26 October 2020

International Cases

R (on the application of Highbury Poultry Farm Produce Ltd) vs. Crown Prosecution Service

United Kingdom



Negligence by the business operator does not have to be proved

In facts of present case, Highbury Poultry Farm Produce Ltd. (“HPFPL”) operates a poultry slaughterhouse. The birds have their legs shackled to a moving line and are then, submitted to a number of sequential processes, including stunning, bleeding and scalding. On 31 August, 12 September and 5 October 2016, a chicken went into the scalding tank (where its feathers would be removed) while still alive because its neck had not been properly cut by a certified operative. HPFPL was charged with two offences in respect of each of the three incidents: (i) failure to comply with Article 3 of Regulation (EC) No. 1099/2009 (the “EU Regulation”), which required that animals should be spared avoidable suffering during their killing, contrary to Regulation 30(1)(g) of the Welfare of Animals at the Time of Killing (England) Regulations, 2015 (the “WATOK Regulations 2015”); and (ii) failure to comply with Article 15(1) of the EU Regulation by failing to sever the carotid arteries and verify that, the animal presented no signs of life before scalding, contrary to Regulation 30(1)(g) of the WATOK Regulations, 2015.

The trial judge dismissed HPFPL’s argument that, Regulation 30(1)(g) of the WATOK Regulations required proof of mens rea or culpability on the part of the defendant. HPFPL challenged this ruling by way of judicial review. The Divisional Court found that there was a presumption that, the WATOK Regulations 2015 required proof of mens rea, but that this presumption was displaced, due to social concern regarding animal welfare. HPFPL appealed to the Supreme Court.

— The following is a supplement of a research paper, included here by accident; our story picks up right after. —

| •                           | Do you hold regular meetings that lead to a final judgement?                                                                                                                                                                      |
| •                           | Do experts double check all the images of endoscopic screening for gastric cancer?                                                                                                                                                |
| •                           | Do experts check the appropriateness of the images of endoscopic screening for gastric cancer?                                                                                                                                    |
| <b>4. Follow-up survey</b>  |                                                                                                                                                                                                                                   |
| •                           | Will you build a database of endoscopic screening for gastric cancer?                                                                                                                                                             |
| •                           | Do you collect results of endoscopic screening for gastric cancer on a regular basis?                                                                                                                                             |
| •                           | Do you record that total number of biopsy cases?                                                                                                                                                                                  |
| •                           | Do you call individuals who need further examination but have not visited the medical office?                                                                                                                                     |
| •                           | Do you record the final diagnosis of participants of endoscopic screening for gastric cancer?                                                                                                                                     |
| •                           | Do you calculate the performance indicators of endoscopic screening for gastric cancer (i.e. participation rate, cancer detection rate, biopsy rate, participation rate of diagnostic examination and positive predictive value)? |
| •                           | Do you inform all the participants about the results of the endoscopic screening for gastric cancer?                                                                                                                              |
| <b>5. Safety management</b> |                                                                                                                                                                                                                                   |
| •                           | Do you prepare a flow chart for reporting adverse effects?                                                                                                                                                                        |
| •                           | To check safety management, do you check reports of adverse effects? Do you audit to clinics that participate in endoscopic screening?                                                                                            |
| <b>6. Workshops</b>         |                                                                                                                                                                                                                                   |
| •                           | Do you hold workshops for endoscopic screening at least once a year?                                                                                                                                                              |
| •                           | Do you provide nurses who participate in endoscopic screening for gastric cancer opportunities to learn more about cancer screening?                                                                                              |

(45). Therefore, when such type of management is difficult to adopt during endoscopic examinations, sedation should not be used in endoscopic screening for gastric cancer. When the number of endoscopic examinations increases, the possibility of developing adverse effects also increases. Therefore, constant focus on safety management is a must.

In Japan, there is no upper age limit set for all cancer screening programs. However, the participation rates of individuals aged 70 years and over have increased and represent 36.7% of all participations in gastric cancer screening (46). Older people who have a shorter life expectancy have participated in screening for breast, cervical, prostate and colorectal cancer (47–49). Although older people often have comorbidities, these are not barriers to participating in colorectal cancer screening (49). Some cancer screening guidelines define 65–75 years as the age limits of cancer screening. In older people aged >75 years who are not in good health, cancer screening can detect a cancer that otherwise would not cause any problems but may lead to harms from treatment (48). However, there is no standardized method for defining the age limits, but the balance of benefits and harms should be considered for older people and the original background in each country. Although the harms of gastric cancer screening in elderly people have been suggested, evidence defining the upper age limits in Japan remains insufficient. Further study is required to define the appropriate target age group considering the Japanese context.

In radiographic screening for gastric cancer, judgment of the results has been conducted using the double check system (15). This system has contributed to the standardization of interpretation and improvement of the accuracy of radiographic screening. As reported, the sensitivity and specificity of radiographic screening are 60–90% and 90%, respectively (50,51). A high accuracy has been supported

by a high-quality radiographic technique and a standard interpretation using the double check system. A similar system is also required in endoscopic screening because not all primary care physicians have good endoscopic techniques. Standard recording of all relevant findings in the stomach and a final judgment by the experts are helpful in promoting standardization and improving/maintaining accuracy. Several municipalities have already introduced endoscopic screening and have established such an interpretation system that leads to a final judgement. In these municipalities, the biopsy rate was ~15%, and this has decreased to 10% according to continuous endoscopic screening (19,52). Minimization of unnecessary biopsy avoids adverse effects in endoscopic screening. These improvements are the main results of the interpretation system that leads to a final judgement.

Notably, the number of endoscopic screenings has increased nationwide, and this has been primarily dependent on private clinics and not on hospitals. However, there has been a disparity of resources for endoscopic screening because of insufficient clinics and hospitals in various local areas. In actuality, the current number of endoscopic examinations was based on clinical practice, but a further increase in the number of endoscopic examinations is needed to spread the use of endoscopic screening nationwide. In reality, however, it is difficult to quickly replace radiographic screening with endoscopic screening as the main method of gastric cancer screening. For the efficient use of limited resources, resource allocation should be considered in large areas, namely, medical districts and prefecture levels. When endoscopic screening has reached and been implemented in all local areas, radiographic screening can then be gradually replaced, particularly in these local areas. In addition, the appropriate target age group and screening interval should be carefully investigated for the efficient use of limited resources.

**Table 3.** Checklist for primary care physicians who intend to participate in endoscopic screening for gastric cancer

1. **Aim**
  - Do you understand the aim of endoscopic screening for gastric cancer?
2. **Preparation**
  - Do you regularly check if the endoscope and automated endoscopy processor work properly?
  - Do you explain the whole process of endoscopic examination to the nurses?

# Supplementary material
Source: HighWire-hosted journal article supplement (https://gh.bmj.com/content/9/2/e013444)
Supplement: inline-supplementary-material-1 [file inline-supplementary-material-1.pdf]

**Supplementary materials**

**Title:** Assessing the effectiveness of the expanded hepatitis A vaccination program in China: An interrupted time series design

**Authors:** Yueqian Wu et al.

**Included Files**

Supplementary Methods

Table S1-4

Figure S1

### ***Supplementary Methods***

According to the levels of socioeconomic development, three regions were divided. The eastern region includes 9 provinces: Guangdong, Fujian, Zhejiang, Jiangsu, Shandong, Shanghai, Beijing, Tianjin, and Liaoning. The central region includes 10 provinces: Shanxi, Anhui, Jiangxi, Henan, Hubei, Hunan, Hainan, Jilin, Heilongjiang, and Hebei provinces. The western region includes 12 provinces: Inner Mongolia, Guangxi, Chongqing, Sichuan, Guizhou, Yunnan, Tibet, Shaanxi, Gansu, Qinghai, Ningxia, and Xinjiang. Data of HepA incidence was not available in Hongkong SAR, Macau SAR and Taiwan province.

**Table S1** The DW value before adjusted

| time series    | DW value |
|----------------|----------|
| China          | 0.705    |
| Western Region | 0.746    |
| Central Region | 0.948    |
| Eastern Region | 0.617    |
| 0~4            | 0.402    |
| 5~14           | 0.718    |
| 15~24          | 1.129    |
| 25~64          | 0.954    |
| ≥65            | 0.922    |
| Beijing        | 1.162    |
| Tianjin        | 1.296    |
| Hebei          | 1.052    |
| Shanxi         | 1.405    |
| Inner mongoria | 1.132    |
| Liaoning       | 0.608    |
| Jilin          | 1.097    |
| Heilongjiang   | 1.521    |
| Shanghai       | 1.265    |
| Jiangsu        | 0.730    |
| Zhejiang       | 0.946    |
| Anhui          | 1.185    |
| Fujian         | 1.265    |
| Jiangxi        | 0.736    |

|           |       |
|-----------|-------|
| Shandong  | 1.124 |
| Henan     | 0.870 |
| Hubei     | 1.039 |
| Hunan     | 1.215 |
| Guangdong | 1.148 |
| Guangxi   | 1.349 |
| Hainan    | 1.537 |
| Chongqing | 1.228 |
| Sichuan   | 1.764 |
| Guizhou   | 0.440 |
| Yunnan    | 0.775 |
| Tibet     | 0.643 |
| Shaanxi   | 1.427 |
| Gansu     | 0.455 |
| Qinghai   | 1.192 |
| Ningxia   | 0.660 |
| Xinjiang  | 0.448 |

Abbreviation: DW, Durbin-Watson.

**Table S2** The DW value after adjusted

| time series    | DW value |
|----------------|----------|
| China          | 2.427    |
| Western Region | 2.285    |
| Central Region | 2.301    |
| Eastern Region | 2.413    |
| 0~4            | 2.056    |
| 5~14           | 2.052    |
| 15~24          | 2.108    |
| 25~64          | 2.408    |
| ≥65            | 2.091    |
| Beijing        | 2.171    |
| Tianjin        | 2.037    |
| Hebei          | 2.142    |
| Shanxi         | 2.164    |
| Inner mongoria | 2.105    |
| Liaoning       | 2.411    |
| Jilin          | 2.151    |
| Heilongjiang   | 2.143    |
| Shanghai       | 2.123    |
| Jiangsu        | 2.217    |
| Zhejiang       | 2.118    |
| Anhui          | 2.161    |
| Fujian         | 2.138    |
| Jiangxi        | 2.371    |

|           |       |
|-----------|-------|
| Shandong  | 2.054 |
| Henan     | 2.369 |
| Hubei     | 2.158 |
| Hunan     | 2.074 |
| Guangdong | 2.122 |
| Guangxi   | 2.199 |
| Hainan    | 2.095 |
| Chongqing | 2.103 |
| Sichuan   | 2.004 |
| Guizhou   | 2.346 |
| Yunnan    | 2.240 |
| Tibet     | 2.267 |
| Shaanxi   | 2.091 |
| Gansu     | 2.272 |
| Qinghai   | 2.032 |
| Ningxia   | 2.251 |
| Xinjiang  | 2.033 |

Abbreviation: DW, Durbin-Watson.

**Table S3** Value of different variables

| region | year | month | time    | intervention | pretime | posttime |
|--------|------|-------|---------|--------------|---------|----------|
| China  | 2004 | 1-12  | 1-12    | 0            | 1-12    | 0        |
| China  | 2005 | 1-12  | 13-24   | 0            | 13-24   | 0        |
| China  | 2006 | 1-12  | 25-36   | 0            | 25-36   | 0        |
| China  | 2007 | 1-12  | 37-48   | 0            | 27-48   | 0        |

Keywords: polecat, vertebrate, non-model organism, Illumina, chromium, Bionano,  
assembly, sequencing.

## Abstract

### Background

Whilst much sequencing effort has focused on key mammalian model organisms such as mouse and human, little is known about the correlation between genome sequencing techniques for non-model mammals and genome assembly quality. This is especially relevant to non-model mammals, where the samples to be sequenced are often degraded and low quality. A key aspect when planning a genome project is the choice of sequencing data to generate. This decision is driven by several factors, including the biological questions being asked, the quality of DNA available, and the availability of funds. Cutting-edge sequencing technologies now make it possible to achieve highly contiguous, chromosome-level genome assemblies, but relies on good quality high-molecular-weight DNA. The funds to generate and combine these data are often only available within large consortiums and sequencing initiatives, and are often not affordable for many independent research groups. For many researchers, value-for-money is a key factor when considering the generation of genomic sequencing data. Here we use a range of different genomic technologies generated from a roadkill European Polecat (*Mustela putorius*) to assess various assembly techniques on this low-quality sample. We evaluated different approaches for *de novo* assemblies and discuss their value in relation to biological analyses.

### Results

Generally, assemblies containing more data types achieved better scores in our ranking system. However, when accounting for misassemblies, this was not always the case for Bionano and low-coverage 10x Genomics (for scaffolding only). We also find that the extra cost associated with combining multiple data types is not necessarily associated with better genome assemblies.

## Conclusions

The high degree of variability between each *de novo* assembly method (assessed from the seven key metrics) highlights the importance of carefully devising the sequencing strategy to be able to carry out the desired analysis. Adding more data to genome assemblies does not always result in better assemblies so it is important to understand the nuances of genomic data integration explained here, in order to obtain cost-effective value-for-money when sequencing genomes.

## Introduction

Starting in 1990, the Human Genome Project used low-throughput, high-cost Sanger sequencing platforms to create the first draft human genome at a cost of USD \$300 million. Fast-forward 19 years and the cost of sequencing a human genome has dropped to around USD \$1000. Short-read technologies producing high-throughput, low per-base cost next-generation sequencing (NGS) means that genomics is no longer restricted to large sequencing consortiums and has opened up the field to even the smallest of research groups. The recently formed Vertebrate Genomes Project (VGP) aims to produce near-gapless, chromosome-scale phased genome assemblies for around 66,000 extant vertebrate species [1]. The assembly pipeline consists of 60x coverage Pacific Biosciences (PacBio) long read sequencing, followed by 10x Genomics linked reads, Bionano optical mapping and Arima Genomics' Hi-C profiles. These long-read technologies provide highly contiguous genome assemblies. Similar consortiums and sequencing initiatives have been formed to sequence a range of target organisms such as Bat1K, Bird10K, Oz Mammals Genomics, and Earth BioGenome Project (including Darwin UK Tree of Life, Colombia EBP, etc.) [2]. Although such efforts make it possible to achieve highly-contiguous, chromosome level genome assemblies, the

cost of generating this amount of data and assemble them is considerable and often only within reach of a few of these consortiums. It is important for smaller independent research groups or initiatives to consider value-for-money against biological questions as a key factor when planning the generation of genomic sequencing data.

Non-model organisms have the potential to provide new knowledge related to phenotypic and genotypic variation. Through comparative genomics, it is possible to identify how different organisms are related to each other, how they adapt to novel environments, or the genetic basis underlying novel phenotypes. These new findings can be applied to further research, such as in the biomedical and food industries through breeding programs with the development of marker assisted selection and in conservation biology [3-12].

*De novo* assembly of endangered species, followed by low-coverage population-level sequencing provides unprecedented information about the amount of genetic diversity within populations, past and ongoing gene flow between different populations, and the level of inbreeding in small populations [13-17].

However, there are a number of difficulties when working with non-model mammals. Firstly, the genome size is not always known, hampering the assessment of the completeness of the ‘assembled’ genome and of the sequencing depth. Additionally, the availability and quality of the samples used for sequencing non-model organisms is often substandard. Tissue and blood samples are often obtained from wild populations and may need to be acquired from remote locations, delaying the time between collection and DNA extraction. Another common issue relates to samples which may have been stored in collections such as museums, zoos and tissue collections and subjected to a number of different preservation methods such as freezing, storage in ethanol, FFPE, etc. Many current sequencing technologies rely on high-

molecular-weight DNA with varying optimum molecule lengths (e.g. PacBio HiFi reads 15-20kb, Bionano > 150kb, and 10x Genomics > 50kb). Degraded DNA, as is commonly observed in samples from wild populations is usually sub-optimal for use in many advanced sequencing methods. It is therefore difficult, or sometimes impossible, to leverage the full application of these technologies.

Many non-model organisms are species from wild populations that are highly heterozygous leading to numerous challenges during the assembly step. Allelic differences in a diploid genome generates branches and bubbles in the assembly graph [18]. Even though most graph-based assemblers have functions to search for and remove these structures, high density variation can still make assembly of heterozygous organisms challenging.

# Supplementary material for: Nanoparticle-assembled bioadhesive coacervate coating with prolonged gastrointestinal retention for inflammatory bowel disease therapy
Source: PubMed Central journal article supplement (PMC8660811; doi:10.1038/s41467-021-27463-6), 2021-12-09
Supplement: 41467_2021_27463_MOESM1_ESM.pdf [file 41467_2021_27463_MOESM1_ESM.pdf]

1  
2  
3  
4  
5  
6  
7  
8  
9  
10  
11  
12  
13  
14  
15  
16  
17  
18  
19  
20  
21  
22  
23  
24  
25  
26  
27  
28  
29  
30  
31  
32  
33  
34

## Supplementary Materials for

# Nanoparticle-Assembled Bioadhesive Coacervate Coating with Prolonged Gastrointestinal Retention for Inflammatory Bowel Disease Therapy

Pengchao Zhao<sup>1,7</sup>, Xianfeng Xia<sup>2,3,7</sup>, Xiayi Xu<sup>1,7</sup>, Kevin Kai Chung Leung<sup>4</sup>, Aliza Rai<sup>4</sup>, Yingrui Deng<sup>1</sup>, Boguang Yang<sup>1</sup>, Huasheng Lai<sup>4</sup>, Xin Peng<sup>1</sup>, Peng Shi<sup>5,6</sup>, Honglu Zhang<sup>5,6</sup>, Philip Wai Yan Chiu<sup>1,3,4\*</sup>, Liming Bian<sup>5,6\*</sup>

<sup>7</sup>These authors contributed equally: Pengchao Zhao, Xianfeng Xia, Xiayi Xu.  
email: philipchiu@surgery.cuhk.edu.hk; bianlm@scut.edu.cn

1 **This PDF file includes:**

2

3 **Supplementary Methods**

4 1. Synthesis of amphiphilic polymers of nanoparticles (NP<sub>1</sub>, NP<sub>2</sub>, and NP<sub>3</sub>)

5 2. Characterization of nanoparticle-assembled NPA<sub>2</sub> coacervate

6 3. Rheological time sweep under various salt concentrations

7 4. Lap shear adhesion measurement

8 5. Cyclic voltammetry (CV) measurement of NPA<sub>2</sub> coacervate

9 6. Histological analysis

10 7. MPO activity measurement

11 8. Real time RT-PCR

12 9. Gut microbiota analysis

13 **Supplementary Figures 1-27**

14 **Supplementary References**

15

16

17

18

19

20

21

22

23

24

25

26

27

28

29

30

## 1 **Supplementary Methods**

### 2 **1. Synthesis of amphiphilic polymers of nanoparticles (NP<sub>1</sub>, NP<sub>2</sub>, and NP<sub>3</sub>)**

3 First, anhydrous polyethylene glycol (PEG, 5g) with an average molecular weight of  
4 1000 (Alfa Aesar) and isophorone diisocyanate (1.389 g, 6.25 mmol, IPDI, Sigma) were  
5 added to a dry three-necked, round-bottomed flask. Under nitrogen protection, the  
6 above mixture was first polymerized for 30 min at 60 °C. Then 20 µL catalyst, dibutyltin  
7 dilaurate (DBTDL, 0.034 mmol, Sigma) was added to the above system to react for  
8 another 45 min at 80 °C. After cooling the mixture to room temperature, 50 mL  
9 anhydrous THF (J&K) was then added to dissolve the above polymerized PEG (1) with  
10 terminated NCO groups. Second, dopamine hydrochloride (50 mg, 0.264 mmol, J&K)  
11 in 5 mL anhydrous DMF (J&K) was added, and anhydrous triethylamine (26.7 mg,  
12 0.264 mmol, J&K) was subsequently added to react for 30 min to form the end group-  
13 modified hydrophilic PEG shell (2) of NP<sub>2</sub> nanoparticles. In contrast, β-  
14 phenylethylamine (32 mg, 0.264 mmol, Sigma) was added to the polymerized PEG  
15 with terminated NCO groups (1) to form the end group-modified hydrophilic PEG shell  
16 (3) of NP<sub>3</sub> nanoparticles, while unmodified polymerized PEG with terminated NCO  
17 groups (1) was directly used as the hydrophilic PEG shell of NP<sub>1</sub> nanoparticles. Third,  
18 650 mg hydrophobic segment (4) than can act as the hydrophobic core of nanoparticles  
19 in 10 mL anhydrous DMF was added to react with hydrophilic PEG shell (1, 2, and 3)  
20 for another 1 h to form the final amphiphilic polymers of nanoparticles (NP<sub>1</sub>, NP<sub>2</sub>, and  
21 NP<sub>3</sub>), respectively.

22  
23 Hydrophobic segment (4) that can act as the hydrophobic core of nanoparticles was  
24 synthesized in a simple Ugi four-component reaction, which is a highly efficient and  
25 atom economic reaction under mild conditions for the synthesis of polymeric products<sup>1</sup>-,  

Both offences are offences of strict liability. Negligence by the business operator does not have to be proved. Regulation 30(1)(g) of the WATOK Regulations provides that, it is an offence to contravene the EU Regulation. Article 3(1) of the EU Regulation provides that, “Animals shall be spared any avoidable pain, distress or suffering during their killing and related operations.”

The EU Regulation has to be interpreted in accordance with EU law principles. The wording of Article 15(1), requiring the severing of the carotid arteries, suggests the imposition of strict liability. There is no hint that business operators shall be liable only if the operational rules are intentionally or negligently infringed. This interpretation is supported by the purpose of the provision. Strict liability imposes a clear and easily enforceable standard, uniform across the EU, and avoids the difficulty in pinpointing the individual upon whom the requisite state of mind must be attributed. Article 15(1) therefore imposes strict liability. The wording of Article 3(1), requiring animals to be spared any avoidable suffering during their killing, also suggests strict liability. Recital (2) to the EU Regulation, despite mentioning suffering being induced “by negligence or intention”, does not affect the wording of Article 3(1). It merely clarifies that a breach of Article 3(1) will usually entail fault.

The recitals to an EU regulation cannot be interpreted in such a way as to contradict the clear wording of that regulation. Further, the earlier incarnation of the EU Regulation, Directive 93/119/EEC, did not include the words “negligence or intention” in the relevant recital. It is highly unlikely that the EU would have made its animal welfare requirements less strict under the EU Regulation than under the Directive it replaced. Article 3(1) therefore also imposes strict liability. There is no requirement to prove negligence. Appeal dismissed.

Tags : Strict liability Negligence Mensrea

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